The International Club promotes better understanding among people of all nations by helping sponsor foreign exchange students at Pembroke Hill. The club organizes activities and provides funds to enhance the exchange students’ experiences. Additionally, the club promotes travel abroad opportunities for Pembroke Hill students and contributes funds to a scholarship for those wishing to travel.
International Thespian Society
Membership in the International Thespian Society is achieved through meritorious work in the dramatic arts, including acting, stage managing, set construction, lighting, sound, makeup and costuming. The Society produces the one-act plays, usually in the fall, and the Black and White Banquet honoring annual achievements in theater in the spring.
The purpose of the Latin Club is to promote awareness of the Latin language and Roman culture. The club is associated with the National Junior Classical League and participates in the Missouri JCL convention each spring.
The PHS Politics Club promotes political awareness and provides a forum for upper school students to discuss their political views. The club sponsors opportunities to learn more about various political issues and to participate in political events.
National Forensic League
This National Forensic League chapter was founded to promote the speech and debate program. It provides an opportunity for student leadership and participation in speech and debate and assists in tournament organization.
Peer Helpers provides its members with opportunities to participate in school-related activities that encourage students to interact with their peers in a positive and productive manner.
The Pep Club celebrates Raider spirit and supports all types of competition and activities. Pep Club organizes all homecoming events including Spirit Week, pep assembly and half-time crowning activities. The club also organizes the annual Color Wars events and the fall after-game mixer.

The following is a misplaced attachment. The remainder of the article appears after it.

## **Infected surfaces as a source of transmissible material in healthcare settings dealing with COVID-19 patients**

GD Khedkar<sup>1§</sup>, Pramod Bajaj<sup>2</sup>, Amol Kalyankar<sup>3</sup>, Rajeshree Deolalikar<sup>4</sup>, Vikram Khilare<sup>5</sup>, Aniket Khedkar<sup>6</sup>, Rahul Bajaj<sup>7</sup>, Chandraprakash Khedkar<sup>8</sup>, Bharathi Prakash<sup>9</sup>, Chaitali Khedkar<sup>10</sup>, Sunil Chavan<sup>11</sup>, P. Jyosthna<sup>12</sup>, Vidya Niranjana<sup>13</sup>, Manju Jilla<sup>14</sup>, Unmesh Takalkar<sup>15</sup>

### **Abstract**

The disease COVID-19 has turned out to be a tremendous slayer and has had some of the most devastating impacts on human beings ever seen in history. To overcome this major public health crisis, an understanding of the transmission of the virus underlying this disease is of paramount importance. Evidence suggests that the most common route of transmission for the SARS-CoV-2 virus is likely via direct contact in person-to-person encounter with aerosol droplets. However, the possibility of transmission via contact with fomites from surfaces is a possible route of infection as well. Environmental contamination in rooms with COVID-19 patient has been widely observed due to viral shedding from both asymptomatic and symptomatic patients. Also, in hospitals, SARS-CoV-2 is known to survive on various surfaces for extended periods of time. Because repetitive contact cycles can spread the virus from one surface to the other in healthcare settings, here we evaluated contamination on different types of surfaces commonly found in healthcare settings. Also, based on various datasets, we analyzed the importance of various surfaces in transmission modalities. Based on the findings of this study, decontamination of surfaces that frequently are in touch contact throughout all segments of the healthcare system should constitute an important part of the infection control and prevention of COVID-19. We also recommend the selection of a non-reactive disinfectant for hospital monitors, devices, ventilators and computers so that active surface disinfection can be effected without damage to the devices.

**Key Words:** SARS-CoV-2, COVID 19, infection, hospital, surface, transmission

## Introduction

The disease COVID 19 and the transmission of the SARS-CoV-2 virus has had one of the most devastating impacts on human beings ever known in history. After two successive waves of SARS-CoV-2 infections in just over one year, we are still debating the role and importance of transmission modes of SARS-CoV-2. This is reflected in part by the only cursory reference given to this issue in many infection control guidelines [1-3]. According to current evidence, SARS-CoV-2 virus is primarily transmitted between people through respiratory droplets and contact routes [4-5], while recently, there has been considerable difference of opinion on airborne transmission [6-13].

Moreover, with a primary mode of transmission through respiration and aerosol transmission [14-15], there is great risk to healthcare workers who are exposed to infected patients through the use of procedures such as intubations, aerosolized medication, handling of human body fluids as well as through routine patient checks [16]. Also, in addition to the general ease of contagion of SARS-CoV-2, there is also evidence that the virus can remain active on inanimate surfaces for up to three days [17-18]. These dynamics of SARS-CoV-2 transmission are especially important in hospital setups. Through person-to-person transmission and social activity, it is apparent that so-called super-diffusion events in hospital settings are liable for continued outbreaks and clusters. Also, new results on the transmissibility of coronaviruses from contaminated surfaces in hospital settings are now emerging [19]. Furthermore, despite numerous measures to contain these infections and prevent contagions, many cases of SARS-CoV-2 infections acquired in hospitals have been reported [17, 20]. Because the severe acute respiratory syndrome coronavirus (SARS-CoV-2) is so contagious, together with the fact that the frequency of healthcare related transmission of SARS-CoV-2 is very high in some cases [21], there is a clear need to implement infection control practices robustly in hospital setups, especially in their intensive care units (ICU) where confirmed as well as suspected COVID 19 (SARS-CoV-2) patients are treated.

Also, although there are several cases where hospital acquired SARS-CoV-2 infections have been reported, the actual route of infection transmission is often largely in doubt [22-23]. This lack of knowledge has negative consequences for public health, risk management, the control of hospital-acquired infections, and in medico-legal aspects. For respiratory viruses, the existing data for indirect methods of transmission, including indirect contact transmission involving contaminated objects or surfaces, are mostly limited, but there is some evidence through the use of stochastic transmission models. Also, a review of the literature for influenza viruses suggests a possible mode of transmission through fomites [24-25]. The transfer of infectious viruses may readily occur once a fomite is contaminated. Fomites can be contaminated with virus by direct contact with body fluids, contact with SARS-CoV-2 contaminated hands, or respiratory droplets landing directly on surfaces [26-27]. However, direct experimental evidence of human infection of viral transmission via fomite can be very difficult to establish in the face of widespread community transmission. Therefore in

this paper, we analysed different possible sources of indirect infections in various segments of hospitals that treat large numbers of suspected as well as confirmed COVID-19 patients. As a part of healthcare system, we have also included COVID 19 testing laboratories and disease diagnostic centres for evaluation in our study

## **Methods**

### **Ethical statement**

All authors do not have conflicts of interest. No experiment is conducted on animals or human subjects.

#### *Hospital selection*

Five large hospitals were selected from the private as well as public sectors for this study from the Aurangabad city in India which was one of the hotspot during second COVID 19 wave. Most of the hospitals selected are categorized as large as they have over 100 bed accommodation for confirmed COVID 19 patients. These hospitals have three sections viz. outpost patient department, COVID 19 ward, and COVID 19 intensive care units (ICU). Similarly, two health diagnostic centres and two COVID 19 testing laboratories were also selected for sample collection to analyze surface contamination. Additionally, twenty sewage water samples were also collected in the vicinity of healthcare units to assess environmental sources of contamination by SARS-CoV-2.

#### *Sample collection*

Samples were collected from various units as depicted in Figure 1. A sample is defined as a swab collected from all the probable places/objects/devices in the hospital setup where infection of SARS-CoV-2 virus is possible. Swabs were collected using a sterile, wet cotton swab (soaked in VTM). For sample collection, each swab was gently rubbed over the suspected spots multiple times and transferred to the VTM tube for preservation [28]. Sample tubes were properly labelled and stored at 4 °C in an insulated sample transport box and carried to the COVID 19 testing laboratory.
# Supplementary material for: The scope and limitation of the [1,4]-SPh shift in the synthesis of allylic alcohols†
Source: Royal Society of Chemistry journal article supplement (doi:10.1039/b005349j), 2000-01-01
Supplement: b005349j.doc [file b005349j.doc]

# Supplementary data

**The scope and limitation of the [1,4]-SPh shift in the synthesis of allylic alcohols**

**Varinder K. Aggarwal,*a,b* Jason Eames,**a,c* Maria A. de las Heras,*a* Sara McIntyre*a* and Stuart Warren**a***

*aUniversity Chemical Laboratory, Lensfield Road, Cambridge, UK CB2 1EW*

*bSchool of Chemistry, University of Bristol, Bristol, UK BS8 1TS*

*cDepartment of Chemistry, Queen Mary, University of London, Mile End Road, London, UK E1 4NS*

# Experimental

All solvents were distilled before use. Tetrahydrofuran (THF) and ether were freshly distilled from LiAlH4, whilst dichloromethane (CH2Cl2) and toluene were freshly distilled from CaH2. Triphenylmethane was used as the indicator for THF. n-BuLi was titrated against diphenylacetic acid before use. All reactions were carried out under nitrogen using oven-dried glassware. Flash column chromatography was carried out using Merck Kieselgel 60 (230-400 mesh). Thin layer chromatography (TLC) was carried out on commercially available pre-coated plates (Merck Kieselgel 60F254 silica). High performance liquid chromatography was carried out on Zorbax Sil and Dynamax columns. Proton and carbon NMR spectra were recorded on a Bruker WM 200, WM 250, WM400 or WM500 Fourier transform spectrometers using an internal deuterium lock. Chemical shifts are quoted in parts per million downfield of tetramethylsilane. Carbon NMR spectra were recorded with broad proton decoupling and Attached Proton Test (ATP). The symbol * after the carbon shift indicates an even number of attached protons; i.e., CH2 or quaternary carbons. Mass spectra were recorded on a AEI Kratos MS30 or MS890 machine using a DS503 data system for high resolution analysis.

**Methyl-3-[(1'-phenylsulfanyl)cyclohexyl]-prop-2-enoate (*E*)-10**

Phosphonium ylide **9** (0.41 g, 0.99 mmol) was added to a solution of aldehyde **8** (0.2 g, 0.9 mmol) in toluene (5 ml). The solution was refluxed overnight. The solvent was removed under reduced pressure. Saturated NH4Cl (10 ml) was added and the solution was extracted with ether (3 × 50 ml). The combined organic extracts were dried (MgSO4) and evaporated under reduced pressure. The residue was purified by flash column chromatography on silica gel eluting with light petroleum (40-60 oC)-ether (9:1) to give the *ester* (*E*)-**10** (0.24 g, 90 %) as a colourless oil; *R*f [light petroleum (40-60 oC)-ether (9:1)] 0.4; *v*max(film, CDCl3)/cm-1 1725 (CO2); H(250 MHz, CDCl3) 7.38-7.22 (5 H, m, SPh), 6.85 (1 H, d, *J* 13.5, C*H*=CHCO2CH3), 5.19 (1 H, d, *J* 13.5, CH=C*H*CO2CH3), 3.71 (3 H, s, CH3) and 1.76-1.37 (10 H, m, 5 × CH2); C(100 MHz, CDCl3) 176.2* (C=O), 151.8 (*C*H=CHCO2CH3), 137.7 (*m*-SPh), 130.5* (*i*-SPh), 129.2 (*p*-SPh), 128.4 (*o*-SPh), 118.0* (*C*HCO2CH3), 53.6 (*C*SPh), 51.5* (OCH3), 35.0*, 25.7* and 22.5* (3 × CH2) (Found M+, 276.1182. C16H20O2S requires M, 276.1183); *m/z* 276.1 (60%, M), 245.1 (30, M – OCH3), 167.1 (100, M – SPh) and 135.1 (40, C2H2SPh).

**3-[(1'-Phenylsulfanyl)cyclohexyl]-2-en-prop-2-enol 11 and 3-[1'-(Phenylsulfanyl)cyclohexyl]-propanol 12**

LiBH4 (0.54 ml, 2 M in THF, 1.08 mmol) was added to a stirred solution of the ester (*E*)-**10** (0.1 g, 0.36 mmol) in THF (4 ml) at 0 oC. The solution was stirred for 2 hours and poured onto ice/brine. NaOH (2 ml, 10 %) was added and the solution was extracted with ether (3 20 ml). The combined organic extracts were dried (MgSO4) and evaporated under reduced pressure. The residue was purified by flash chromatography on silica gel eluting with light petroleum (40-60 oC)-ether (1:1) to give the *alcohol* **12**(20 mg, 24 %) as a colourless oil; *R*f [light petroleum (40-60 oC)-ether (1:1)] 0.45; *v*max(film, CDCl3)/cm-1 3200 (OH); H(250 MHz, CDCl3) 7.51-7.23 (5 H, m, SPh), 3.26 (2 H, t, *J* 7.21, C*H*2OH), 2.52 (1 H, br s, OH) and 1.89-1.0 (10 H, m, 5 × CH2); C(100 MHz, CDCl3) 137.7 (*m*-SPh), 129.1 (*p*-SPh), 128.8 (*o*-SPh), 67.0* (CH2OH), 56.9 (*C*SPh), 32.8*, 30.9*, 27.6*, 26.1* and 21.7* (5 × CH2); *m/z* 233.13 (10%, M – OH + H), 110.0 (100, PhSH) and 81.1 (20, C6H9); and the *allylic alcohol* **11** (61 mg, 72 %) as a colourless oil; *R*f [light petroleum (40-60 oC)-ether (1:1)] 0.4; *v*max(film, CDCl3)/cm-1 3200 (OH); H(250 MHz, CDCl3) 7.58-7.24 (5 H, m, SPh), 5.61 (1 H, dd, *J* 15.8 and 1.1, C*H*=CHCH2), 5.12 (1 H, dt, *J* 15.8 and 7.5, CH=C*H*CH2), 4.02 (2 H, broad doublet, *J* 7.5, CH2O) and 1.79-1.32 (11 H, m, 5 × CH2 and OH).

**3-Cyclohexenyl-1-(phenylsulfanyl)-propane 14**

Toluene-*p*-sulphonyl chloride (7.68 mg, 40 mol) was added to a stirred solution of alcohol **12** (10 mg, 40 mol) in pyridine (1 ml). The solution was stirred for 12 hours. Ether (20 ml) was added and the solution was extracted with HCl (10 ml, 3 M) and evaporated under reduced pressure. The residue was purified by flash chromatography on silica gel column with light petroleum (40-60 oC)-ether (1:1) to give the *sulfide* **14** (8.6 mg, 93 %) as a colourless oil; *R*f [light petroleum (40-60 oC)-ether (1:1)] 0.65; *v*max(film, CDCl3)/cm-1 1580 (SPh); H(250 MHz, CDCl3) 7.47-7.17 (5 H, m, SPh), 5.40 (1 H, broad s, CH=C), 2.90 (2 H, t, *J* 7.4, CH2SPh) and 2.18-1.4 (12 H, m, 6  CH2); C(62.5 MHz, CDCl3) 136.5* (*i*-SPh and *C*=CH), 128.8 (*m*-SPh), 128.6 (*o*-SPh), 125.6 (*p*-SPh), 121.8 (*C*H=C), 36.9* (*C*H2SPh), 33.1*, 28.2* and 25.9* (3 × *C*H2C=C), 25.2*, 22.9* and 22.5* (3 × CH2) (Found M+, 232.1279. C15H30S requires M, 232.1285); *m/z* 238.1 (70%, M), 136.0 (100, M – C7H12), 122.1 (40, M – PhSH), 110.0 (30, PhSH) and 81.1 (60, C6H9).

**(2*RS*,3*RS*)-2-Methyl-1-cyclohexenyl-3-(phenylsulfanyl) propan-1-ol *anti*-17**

Photography/Film Club provides an opportunity for students to further explore their interest in both photography and film. Past activities have included trips to watch films, visits to local museums and galleries and hosting open darkroom times. The Photo/Film Club also seeks to gain community exposure through holding photography competitions, organizing film viewing on campus, and organizing student photography exhibitions at local Kansas City venues.
The Robotics Team is focused on competing in the FIRST Robotics Competition (FRC). There are many facets to this competition and students may choose to participate in specific areas. Some of those are: robot design and build, programming, public relations, accounting, graphics design and computer graphics, web page design and build. Students will be expected to attend meetings, learn about the overall robotics competition, and spend after school and weekend time in building the robot or in their particular area on the project. The greatest time commitments for this team occur for six weeks beginning at the end of the first week in January with regional competition taking place in March or April. National competition takes place in late April.
Spanish Club promotes the importance and awareness of Spanish as a language and culture. The students participate in a variety of activities such as crafts, trivia games and dinners out to Hispanic restaurants. The club encourages students to become more aware of the Hispanic influence around us by promoting local activities and celebrations in the Kansas City area. Each year, the club helps a local Hispanic family in need during the holidays. The club is open to anyone interested in Spanish as a language or culture.
Upper School Student Government
The Student Government is composed of elected student representatives from each class, at-large representatives and class presidents and vice-presidents. The objectives and responsibilities of the student government are: maintaining open communications between faculty, administration and students; providing an opportunity for students to enhance the life of the school; and organizing student participation in the life of the community.
Student Government consists of the following elected officers: president (elected by the upper school students); president, vice-president, secretary/treasurer from each class; one elected representative from each class; three at-large members elected by the entire upper school student population - one of whom will be elected by voting members as vice president of Student Government and another secretary/treasurer of Student Government.